Two. That's right. Two. Not three, not four and certainly not five. It could have been worse, I suppose, but only by two digits. This was the number of books I sold at a signing I did on Saturday at the Notting Hill branch of Waterstone's. More successful authors had told me that book signings could be sobering experiences (a friend signing copies of his book in a store in Chicago was only approached once in two hours, and then only by someone who mistook him for someone else), but I didn't realise there'd be no booze at all. Not even a sniff of the barmaid's apron.
Having just published a book, I was keen to publicise it any way I could (as my agent always likes to say: publishing is largely self publishing), and although it was selling better than certain political autobiographies, it could obviously always sell a little more. I'd been asked to do the signing because I'm a "local author", and it was a request I obviously leapt at. Rachel Johnson had done something similar and her book - Notting Hell - had sold more than 700! In hardback! But I hadn't written Notting Hell, and nor do I look like Rachel Johnson, and it didn't look like it was going to be my day.
Curious shoppers would approach the table and stare at me as though I were in a cage, giving me the sort of looks that said, in extremely broad brushstrokes, "I'm looking for any book other than yours". Apart from two books that I'd been asked to sign by a woman who obviously had something better to do (she wasn't there in person), the only customer (and I use the word with some reservation) to speak to me during the first half an hour was a belligerent bloke who demanded to know what my book was about.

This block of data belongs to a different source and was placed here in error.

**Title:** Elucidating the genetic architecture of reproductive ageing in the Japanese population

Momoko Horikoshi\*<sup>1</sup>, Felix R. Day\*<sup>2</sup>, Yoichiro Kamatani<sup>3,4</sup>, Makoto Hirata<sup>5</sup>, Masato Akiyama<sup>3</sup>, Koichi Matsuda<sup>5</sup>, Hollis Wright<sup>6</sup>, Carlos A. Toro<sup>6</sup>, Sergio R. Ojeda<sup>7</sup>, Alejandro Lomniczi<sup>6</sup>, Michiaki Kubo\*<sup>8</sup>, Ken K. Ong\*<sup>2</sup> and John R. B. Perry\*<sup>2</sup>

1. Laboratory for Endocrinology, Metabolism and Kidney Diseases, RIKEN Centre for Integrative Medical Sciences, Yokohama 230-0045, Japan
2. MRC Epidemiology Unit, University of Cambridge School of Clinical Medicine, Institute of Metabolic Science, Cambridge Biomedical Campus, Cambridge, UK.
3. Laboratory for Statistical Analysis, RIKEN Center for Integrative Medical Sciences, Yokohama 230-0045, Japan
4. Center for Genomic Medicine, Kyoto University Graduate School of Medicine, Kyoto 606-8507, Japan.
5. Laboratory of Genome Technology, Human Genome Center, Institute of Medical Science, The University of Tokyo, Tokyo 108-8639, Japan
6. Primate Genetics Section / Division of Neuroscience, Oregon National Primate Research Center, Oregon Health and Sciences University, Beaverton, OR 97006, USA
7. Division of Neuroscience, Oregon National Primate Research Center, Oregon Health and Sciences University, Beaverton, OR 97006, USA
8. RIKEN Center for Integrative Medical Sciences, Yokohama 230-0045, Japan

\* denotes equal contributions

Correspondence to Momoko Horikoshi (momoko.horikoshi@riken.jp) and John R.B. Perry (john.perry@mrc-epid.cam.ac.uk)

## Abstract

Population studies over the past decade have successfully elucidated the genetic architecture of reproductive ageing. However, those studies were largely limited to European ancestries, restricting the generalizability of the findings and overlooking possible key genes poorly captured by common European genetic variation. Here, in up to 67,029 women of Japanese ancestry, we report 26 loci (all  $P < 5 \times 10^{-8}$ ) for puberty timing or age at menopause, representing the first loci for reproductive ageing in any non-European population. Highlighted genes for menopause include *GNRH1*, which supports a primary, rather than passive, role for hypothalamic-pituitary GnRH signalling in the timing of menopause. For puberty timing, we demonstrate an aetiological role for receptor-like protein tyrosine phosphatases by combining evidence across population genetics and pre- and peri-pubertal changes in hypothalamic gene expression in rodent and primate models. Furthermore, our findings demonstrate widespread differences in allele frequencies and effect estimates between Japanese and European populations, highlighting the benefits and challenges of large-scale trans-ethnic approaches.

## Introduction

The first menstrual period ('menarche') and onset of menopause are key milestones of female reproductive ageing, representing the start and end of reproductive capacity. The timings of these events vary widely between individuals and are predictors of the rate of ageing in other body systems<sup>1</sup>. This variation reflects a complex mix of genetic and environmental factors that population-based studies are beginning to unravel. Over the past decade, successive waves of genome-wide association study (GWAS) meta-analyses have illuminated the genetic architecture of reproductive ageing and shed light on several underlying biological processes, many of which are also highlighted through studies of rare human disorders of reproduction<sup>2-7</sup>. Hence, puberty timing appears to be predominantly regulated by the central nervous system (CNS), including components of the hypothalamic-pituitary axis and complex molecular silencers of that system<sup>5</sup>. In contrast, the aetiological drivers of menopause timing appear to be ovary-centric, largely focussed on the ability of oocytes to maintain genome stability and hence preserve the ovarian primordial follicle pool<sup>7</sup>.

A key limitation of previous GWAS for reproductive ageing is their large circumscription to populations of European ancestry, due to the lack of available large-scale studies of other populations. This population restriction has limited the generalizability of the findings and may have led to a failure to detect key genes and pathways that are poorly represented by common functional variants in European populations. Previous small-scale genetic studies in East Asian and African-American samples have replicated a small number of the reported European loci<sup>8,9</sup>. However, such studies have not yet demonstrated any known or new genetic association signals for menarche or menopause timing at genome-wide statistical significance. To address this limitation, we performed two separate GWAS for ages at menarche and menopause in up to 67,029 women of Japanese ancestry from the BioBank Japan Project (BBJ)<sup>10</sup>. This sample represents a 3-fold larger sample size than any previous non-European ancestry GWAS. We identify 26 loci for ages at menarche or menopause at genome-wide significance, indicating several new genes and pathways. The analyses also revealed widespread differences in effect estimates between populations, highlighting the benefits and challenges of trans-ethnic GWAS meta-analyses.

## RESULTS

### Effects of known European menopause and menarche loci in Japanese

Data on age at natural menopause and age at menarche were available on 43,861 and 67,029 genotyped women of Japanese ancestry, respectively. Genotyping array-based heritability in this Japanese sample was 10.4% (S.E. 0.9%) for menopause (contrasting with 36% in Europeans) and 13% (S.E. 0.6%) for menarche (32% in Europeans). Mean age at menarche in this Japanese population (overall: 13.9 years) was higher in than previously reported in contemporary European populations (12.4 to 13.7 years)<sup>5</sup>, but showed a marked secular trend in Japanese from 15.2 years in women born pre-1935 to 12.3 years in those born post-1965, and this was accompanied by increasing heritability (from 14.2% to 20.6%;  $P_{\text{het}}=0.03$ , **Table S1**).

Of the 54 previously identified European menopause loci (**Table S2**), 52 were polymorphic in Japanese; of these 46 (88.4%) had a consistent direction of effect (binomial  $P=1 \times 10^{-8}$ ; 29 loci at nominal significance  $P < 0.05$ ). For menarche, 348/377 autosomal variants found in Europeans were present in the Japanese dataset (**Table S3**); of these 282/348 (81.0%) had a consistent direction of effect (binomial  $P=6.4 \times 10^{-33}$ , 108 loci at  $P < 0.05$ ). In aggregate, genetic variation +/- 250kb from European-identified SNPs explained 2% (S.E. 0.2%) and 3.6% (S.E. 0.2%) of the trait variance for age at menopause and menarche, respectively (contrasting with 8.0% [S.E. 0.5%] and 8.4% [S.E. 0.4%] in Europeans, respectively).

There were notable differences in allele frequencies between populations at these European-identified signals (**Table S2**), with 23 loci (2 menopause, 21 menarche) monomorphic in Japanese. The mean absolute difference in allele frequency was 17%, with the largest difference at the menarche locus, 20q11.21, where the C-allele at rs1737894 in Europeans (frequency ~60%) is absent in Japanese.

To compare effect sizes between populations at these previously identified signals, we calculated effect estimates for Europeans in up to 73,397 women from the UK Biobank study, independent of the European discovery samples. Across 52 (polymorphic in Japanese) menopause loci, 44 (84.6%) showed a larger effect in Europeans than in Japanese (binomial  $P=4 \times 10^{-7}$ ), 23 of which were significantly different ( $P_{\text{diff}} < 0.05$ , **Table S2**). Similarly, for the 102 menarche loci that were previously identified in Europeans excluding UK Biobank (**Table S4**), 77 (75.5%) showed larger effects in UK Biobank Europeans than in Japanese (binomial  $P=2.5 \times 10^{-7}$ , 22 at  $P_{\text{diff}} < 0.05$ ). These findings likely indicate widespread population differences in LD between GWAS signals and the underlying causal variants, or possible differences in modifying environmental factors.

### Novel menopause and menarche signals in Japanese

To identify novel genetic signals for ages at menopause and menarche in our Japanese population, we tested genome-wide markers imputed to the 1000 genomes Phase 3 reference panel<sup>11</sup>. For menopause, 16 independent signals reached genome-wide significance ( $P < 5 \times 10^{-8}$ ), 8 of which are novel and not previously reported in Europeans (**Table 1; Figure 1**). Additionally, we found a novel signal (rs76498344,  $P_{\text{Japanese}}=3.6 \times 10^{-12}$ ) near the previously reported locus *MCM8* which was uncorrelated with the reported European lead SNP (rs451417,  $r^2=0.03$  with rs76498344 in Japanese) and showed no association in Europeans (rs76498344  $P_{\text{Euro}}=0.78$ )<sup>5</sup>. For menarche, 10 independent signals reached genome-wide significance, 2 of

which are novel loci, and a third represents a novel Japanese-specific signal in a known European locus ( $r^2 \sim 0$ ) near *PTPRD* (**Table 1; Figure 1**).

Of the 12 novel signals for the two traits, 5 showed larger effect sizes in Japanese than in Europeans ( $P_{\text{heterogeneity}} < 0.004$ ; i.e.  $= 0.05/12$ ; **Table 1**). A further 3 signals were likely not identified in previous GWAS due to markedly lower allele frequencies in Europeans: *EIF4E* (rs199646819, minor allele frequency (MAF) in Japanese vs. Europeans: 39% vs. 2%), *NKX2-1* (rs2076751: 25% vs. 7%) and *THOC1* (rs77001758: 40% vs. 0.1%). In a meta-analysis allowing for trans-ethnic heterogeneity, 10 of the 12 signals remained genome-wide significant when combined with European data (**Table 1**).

"It's an etiquette guide for normal men," I said.
"Ha, so what would you consider normal?"
"Well, it's for men like you and me," I said, slightly through gritted teeth.
"And what makes you qualified to write it?"
"I'm 46," I said, with a rictus grin on my face. "I've done most of the things in the book."
"So what!?" said my potential customer, before walking off with a comically angry look on his face.
And that was pretty much that. For the next half an hour I sat behind my trestle table, just in front of the crime section, flicking through The Cloudspotter's Guide, trying to placate my eldest daughter ("Daddy, why aren't you selling any books?") and trying not to sulk. Then, at five to three, having sat behind my table for a long and uneventful hour, a smiling man approached the desk, gesturing towards the bookcase behind me.
"Excuse me," he said, beaming. "You couldn't move, could you? I'd like to take a look at the Agatha Christies."
Dylan Jones is the editor of GQ